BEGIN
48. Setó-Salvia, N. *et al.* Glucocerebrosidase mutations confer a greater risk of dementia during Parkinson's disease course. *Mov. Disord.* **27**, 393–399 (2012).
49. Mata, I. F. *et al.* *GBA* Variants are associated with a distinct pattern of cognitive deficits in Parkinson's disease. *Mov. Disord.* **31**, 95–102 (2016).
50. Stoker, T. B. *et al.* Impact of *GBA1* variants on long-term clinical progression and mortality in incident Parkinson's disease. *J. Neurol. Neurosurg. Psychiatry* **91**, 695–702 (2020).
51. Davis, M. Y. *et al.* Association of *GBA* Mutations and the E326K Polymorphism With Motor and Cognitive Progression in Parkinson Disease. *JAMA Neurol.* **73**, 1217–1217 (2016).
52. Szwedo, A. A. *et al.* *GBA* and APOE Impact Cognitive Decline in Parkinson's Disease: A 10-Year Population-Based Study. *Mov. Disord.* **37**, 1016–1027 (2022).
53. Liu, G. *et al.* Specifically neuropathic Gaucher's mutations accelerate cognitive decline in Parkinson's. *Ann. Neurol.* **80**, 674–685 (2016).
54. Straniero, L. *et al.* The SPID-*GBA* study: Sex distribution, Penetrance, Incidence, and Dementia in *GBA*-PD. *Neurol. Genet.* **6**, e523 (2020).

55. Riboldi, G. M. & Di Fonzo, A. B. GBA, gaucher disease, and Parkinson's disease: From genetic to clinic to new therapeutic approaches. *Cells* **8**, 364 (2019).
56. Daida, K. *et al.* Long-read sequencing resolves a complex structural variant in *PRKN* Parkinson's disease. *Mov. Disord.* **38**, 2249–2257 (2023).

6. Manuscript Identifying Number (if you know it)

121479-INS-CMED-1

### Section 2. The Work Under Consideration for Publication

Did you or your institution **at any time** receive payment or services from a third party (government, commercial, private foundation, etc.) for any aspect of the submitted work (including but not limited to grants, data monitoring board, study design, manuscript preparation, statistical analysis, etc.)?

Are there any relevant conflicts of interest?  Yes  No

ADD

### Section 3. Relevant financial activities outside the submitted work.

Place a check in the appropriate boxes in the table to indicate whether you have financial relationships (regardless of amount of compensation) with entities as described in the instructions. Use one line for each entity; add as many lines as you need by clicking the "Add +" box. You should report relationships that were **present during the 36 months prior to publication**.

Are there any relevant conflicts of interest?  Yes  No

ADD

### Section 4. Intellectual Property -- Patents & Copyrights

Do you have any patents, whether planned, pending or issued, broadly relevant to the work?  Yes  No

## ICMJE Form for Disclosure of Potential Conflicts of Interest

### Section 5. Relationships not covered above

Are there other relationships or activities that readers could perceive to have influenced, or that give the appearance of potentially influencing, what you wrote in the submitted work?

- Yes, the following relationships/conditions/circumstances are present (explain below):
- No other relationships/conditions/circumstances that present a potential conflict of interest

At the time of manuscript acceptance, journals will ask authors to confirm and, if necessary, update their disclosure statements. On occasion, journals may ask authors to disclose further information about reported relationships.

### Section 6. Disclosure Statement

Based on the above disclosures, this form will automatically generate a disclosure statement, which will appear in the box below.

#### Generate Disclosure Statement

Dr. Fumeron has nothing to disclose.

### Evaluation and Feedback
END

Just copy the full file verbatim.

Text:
48. Setó-Salvia, N. *et al.* Glucocerebrosidase mutations confer a greater risk of dementia during Parkinson's disease course. *Mov. Disord.* **27**, 393–399 (2012).
49. Mata, I. F. *et al.* *GBA* Variants are associated with a distinct pattern of cognitive deficits in Parkinson's disease. *Mov. Disord.* **31**, 95–102 (2016).
50. Stoker, T. B. *et al.* Impact of *GBA1* variants on long-term clinical progression and mortality in incident Parkinson's disease. *J. Neurol. Neurosurg. Psychiatry* **91**, 695–702 (2020).
51. Davis, M. Y. *et al.* Association of *GBA* Mutations and the E326K Polymorphism With Motor and Cognitive Progression in Parkinson Disease. *JAMA Neurol.* **73**, 1217–1217 (2016).
52. Szwedo, A. A. *et al.* *GBA* and APOE Impact Cognitive Decline in Parkinson's Disease: A 10-Year Population-Based Study. *Mov. Disord.* **37**, 1016–1027 (2022).
53. Liu, G. *et al.* Specifically neuropathic Gaucher's mutations accelerate cognitive decline in Parkinson's. *Ann. Neurol.* **80**, 674–685 (2016).
54. Straniero, L. *et al.* The SPID-*GBA* study: Sex distribution, Penetrance, Incidence, and Dementia in *GBA*-PD. *Neurol. Genet.* **6**, e523 (2020).

55. Riboldi, G. M. & Di Fonzo, A. B. GBA, gaucher disease, and Parkinson's disease: From genetic to clinic to new therapeutic approaches. *Cells* **8**, 364 (2019).
56. Daida, K. *et al.* Long-read sequencing resolves a complex structural variant in *PRKN* Parkinson's disease. *Mov. Disord.* **38**, 2249–2257 (2023).

6. Manuscript Identifying Number (if you know it)

121479-INS-CMED-1

### Section 2. The Work Under Consideration for Publication

Did you or your institution **at any time** receive payment or services from a third party (government, commercial, private foundation, etc.) for any aspect of the submitted work (including but not limited to grants, data monitoring board, study design, manuscript preparation, statistical analysis, etc.)?

Are there any relevant conflicts of interest?  Yes  No

ADD

### Section 3. Relevant financial activities outside the submitted work.

Place a check in the appropriate boxes in the table to indicate whether you have financial relationships (regardless of amount of compensation) with entities as described in the instructions. Use one line for each entity; add as many lines as you need by clicking the "Add +" box. You should report relationships that were **present during the 36 months prior to publication**.

Are there any relevant conflicts of interest?  Yes  No

ADD

### Section 4. Intellectual Property -- Patents & Copyrights

Do you have any patents, whether planned, pending or issued, broadly relevant to the work?  Yes  No

## ICMJE Form for Disclosure of Potential Conflicts of Interest

### Section 5. Relationships not covered above

Are there other relationships or activities that readers could perceive to have influenced, or that give the appearance of potentially influencing, what you wrote in the submitted work?

- Yes, the following relationships/conditions/circumstances are present (explain below):
- No other relationships/conditions/circumstances that present a potential conflict of interest

At the time of manuscript acceptance, journals will ask authors to confirm and, if necessary, update their disclosure statements. On occasion, journals may ask authors to disclose further information about reported relationships.

### Section 6. Disclosure Statement

Based on the above disclosures, this form will automatically generate a disclosure statement, which will appear in the box below.

#### Generate Disclosure Statement

Dr. Fumeron has nothing to disclose.

### Evaluation and Feedback